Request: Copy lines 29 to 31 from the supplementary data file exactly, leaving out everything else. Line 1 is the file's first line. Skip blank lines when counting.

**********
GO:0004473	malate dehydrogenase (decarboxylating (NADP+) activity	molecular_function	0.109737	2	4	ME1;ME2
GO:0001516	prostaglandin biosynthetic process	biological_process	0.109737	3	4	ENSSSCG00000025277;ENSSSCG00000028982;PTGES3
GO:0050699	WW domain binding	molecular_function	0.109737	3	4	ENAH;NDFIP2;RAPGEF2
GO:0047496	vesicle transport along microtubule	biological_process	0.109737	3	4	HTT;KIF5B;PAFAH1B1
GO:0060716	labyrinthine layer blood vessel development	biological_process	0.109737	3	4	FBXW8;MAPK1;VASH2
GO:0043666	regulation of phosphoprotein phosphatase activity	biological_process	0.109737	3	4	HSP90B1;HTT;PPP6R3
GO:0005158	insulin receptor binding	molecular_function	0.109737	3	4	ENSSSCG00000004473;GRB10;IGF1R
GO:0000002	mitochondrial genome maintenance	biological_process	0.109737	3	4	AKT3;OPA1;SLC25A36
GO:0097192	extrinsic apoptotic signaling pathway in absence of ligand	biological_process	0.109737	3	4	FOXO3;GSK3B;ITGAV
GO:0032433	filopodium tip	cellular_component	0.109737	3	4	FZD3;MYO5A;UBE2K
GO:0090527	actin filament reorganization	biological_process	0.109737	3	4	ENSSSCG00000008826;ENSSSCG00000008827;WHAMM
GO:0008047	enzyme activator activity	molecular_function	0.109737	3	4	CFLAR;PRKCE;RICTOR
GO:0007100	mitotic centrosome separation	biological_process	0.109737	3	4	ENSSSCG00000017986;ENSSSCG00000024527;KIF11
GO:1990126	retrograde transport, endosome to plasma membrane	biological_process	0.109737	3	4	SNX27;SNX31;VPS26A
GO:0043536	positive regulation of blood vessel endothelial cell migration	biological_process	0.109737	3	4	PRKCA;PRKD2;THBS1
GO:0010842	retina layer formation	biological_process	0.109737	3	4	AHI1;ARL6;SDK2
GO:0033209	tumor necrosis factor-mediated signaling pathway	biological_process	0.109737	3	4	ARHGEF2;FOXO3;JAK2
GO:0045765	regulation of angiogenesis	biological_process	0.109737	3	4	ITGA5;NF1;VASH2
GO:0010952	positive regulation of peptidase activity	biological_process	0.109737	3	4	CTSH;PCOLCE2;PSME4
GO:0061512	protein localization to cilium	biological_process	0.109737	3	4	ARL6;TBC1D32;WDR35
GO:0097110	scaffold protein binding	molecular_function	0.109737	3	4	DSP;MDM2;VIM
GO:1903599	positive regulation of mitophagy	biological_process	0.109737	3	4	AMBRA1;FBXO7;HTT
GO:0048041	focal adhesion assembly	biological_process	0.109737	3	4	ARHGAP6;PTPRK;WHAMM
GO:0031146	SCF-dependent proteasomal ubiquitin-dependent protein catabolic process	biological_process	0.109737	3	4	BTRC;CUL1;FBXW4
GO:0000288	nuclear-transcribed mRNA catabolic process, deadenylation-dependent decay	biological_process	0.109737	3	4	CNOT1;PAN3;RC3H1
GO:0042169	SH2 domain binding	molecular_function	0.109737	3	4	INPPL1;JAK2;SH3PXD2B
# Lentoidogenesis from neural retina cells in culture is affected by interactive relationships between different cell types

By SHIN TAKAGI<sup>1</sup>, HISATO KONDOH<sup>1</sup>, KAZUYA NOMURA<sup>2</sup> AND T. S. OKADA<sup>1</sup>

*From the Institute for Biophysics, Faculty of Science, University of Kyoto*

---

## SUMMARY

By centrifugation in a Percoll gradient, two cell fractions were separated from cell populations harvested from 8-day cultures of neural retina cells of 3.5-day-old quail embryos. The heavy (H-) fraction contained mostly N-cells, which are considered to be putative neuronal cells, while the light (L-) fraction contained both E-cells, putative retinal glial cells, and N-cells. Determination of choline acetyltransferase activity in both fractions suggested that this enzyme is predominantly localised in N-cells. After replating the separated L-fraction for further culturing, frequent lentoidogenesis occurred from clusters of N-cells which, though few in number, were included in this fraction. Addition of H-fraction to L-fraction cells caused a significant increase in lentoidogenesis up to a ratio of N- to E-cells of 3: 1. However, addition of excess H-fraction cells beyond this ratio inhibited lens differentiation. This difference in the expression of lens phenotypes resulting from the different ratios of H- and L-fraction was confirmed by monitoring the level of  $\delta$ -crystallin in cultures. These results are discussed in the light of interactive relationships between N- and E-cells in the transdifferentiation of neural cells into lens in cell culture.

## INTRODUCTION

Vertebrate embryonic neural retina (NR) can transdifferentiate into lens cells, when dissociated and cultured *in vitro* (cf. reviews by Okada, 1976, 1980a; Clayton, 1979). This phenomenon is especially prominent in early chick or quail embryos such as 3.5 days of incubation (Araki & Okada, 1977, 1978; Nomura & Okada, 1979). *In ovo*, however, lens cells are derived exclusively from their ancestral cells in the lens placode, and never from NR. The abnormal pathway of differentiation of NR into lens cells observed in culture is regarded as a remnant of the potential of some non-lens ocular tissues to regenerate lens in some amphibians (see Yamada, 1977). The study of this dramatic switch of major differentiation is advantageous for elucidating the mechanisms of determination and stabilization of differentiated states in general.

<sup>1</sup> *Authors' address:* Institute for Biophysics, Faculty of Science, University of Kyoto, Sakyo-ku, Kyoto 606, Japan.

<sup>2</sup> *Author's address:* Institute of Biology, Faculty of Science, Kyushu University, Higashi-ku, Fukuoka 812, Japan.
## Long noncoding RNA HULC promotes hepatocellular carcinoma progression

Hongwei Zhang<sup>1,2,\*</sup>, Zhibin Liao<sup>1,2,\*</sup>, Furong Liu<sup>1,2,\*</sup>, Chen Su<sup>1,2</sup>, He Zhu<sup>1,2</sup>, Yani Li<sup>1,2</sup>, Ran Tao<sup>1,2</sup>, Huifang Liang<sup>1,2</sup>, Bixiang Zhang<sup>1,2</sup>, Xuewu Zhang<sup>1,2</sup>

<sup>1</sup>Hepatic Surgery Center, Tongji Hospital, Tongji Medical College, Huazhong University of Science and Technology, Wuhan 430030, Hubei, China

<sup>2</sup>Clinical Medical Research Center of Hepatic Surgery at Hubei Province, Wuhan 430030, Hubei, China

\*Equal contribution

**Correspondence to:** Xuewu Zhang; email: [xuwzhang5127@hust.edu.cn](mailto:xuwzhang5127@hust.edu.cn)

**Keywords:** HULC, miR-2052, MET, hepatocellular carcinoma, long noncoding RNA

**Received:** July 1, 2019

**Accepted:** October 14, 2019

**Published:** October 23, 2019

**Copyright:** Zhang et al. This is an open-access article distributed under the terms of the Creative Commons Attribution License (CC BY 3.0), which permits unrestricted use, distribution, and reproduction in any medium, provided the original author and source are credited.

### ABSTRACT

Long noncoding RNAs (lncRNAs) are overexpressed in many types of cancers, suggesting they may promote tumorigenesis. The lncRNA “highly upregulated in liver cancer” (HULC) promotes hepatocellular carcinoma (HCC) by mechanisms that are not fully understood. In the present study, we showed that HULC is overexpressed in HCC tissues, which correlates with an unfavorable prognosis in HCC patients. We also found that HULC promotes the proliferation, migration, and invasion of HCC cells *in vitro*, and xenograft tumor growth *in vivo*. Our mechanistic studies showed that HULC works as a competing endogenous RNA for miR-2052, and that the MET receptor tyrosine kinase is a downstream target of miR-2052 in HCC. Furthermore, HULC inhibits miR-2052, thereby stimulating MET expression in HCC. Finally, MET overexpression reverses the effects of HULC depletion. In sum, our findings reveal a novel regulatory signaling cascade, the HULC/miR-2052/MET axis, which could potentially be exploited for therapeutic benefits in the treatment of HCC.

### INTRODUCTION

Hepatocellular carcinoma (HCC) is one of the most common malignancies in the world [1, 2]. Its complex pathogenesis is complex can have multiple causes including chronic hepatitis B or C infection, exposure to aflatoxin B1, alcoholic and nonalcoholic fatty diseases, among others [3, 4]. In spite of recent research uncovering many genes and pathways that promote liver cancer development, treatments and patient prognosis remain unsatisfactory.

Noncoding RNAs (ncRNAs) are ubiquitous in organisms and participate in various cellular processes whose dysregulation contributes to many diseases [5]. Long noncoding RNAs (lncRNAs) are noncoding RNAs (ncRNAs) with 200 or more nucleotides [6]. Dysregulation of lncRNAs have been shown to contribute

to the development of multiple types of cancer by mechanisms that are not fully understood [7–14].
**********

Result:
*From the Institute for Biophysics, Faculty of Science, University of Kyoto*

---

## SUMMARY